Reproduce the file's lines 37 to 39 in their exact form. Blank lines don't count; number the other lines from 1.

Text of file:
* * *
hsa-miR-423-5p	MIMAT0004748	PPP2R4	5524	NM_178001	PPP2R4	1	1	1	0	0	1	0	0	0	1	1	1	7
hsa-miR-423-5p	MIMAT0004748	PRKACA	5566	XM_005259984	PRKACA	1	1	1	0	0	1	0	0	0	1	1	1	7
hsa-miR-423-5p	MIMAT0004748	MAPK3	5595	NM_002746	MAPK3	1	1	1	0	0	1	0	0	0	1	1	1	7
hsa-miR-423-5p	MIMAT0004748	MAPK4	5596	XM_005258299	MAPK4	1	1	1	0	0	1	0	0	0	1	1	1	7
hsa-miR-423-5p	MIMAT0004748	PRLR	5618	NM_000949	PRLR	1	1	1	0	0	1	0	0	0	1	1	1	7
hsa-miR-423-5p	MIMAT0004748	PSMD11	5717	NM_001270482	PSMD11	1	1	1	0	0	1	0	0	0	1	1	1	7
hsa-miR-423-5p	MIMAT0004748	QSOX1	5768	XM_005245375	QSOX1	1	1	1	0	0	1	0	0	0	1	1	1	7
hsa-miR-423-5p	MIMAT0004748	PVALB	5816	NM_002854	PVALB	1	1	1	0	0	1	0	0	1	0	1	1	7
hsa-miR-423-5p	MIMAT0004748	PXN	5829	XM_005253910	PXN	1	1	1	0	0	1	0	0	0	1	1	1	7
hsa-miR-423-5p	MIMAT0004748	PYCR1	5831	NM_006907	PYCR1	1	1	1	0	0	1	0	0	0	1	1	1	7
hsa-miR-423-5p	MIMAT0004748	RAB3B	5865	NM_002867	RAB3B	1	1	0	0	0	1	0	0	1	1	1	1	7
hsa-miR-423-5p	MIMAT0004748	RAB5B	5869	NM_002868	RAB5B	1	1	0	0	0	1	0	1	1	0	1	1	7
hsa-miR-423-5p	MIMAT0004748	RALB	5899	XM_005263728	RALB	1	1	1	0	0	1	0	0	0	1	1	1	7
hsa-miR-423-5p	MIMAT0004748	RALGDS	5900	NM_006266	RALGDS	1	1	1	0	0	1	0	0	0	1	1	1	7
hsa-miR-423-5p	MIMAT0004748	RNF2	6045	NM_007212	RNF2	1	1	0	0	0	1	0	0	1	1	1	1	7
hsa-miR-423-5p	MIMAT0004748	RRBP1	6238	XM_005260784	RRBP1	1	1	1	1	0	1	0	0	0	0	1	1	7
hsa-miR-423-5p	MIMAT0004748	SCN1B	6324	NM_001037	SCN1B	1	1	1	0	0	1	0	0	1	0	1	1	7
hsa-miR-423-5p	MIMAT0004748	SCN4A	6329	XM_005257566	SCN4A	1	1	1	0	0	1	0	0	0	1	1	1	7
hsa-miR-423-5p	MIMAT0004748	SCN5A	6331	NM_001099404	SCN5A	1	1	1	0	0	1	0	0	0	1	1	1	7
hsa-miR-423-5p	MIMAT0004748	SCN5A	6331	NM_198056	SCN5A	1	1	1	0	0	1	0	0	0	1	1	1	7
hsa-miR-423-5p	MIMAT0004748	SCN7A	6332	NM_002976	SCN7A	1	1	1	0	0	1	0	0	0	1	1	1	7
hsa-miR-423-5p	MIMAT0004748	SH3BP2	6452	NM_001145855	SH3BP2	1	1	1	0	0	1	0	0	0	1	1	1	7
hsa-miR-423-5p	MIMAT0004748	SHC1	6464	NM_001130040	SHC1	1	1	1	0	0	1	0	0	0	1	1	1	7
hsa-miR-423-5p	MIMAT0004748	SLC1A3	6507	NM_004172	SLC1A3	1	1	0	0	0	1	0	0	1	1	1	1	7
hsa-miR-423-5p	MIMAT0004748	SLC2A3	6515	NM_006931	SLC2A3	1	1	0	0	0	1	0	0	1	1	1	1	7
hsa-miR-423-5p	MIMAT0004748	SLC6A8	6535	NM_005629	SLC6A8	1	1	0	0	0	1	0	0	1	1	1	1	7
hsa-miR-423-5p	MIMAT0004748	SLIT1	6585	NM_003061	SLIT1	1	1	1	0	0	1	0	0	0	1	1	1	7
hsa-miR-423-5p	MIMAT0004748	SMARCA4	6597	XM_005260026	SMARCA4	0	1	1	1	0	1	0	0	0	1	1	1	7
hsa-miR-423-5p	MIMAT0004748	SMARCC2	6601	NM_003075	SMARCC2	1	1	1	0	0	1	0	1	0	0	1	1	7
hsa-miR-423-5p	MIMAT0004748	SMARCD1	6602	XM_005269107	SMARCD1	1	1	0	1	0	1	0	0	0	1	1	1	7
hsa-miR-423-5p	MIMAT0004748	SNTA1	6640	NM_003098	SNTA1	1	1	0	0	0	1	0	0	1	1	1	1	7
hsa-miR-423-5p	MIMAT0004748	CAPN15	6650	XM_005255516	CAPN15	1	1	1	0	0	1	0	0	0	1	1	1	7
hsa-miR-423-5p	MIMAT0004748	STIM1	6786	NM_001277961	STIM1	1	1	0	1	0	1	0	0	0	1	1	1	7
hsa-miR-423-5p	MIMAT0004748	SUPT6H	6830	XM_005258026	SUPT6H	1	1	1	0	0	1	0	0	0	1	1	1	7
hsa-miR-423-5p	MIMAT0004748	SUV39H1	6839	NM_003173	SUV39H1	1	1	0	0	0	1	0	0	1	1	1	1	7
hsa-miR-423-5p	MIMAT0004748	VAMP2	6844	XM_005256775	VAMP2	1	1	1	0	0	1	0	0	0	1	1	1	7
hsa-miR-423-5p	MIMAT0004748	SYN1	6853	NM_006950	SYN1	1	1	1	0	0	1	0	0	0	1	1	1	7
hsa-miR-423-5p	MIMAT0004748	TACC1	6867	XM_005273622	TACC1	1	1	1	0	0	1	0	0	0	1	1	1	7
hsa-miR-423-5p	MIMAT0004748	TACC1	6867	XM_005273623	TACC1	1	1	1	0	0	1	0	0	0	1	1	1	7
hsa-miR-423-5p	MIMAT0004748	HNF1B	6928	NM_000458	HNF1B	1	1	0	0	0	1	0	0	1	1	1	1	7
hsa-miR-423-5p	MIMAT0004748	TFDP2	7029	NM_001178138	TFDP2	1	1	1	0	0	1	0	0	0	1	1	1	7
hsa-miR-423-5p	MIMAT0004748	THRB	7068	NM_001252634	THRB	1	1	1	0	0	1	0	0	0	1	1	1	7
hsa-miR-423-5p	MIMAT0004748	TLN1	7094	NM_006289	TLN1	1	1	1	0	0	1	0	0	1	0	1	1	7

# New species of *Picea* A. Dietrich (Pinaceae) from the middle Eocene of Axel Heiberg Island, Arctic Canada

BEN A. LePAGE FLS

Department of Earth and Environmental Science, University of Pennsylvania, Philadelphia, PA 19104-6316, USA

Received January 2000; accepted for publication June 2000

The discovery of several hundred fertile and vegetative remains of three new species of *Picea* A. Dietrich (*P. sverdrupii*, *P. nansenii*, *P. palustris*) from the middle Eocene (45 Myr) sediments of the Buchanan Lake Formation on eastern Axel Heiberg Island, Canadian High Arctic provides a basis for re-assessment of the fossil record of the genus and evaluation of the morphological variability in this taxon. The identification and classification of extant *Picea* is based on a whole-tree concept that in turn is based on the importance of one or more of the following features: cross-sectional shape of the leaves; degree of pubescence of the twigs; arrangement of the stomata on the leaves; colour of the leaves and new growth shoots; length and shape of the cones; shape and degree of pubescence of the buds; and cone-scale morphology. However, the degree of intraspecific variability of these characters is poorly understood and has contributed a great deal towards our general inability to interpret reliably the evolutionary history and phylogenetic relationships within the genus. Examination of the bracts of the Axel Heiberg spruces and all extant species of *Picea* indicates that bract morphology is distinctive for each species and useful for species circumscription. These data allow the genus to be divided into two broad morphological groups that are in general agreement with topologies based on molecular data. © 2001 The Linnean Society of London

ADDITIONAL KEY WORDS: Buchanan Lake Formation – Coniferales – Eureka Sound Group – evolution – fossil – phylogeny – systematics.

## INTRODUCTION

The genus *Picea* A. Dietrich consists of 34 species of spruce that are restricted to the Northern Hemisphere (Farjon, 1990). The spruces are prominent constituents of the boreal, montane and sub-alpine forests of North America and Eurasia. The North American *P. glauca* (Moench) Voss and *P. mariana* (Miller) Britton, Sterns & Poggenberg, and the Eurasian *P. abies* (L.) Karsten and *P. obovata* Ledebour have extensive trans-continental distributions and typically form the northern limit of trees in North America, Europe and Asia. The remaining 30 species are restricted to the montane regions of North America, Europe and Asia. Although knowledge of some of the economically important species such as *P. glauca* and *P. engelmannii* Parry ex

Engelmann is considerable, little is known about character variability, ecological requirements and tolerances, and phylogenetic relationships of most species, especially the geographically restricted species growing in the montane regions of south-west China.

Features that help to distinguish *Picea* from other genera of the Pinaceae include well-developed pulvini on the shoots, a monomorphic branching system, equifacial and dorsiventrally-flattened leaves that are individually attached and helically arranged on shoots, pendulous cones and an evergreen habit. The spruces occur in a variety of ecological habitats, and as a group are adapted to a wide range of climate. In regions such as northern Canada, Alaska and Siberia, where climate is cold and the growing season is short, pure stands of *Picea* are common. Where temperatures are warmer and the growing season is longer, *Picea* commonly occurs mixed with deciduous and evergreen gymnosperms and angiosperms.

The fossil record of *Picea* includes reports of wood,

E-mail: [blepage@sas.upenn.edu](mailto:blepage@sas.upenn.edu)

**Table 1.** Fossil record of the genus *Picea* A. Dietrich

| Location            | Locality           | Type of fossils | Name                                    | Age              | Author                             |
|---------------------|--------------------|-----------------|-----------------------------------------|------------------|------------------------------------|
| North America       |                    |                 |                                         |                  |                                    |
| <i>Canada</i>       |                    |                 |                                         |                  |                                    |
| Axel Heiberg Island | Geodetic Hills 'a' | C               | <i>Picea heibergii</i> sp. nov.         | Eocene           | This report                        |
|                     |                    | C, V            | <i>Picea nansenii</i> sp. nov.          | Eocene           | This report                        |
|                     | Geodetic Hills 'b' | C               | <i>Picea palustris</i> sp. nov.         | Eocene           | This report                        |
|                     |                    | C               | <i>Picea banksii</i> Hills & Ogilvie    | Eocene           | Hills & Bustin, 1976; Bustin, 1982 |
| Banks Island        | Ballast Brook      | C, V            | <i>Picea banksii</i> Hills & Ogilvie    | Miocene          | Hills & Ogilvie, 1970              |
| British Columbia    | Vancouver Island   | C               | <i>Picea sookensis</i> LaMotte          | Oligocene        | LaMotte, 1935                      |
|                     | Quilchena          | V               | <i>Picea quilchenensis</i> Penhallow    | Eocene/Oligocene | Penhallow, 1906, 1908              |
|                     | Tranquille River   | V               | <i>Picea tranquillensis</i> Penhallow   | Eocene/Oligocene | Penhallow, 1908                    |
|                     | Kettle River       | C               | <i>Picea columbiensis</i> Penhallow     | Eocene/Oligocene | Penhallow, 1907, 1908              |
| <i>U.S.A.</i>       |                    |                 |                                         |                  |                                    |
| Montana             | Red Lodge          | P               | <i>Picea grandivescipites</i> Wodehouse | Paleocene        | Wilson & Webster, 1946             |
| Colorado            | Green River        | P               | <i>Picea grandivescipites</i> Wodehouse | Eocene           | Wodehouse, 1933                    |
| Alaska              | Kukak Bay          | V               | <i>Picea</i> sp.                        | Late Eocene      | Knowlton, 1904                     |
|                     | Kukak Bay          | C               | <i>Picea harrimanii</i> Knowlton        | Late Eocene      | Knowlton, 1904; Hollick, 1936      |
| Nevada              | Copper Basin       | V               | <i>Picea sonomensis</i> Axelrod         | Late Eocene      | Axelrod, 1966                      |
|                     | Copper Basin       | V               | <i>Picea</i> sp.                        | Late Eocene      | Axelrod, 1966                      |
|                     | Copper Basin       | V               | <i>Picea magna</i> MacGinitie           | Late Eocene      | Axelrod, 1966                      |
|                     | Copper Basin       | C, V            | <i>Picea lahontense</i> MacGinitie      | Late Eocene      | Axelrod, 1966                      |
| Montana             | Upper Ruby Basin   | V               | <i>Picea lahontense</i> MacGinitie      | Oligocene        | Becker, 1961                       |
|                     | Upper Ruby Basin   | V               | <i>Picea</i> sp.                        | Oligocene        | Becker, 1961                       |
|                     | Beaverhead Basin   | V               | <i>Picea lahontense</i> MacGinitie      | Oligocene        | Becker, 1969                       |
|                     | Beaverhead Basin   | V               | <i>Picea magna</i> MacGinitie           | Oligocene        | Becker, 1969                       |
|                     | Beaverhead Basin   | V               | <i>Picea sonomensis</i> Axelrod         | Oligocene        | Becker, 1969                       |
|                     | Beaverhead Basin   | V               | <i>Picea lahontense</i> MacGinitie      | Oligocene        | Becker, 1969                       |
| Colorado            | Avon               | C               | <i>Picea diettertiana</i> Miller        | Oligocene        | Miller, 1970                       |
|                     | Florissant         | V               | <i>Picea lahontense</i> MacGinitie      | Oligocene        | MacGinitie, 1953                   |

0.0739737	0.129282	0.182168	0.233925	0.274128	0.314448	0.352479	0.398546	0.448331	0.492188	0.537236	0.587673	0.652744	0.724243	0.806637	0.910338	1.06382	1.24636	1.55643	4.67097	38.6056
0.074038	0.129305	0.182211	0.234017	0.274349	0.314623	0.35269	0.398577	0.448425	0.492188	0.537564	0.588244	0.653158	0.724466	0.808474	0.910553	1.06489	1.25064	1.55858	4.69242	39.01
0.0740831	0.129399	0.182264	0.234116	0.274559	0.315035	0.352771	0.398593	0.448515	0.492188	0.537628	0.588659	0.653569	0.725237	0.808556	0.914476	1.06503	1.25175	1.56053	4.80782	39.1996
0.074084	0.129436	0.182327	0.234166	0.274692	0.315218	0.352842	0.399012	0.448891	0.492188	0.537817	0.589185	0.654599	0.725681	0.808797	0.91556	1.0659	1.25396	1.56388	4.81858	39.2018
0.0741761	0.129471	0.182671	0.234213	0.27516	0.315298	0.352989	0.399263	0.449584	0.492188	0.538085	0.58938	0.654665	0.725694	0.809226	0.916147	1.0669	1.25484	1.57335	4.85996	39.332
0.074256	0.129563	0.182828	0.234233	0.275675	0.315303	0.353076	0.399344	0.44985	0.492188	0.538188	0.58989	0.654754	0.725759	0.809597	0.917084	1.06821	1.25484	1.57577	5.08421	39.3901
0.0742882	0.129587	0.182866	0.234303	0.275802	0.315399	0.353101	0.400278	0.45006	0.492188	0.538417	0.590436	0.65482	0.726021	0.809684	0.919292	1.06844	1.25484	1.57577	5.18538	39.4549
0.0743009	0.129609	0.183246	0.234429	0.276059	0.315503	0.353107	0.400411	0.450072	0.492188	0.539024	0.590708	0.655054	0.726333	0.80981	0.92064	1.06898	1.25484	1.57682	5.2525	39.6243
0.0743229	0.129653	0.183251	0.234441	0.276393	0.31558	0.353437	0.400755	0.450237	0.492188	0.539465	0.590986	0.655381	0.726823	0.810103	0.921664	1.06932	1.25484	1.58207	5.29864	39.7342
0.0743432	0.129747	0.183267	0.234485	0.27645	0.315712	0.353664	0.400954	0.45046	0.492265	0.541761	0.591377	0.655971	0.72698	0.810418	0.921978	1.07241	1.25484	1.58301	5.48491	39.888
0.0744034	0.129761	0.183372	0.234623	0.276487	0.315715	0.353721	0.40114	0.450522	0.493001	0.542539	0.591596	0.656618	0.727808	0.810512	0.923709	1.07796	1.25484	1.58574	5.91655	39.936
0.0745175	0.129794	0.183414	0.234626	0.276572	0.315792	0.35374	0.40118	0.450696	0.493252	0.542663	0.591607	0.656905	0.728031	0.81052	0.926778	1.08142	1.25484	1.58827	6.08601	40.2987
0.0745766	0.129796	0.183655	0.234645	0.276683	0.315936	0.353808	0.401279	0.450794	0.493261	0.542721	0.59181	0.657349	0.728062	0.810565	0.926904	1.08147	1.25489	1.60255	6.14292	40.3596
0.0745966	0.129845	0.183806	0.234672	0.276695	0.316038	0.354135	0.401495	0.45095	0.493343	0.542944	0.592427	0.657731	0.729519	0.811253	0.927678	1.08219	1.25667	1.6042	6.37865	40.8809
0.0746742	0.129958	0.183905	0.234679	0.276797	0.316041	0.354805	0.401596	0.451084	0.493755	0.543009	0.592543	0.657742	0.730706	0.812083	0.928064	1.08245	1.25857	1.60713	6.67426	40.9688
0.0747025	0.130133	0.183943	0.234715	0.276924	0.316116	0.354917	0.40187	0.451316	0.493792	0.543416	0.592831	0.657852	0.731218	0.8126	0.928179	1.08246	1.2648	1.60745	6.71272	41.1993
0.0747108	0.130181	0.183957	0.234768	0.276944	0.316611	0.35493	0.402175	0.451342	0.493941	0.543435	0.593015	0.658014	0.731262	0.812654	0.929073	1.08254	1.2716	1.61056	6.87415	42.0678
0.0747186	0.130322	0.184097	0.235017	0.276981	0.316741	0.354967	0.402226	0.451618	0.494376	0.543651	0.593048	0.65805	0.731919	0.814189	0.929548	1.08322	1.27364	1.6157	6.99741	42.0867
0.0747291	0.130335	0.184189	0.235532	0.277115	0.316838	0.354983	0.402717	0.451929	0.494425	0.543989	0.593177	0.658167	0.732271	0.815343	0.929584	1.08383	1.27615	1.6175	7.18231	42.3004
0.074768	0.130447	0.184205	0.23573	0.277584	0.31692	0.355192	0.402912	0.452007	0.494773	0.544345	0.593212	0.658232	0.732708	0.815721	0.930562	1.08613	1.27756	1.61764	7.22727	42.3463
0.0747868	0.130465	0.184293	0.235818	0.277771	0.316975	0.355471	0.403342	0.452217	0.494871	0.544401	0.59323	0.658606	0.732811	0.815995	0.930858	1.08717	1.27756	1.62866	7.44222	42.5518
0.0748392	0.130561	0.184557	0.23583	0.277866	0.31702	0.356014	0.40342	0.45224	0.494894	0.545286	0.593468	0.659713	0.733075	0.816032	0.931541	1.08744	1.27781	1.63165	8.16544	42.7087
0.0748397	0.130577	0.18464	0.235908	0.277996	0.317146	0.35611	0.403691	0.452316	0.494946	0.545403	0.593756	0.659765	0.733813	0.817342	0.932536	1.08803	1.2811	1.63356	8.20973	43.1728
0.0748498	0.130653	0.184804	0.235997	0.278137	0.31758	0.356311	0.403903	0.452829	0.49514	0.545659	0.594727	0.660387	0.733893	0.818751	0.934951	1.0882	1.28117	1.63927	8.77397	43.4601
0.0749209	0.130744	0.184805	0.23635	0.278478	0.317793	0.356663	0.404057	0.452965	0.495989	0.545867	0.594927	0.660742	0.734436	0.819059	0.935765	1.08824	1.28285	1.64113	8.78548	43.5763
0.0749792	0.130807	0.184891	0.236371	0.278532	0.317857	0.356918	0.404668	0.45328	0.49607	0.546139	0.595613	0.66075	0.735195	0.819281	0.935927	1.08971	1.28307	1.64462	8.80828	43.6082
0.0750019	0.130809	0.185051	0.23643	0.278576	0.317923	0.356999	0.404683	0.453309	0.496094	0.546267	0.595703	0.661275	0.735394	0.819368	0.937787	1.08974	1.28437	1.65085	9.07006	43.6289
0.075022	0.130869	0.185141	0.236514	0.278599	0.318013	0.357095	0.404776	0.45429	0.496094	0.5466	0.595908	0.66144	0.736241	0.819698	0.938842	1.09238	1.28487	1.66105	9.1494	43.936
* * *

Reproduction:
hsa-miR-423-5p	MIMAT0004748	SYN1	6853	NM_006950	SYN1	1	1	1	0	0	1	0	0	0	1	1	1	7
hsa-miR-423-5p	MIMAT0004748	TACC1	6867	XM_005273622	TACC1	1	1	1	0	0	1	0	0	0	1	1	1	7
hsa-miR-423-5p	MIMAT0004748	TACC1	6867	XM_005273623	TACC1	1	1	1	0	0	1	0	0	0	1	1	1	7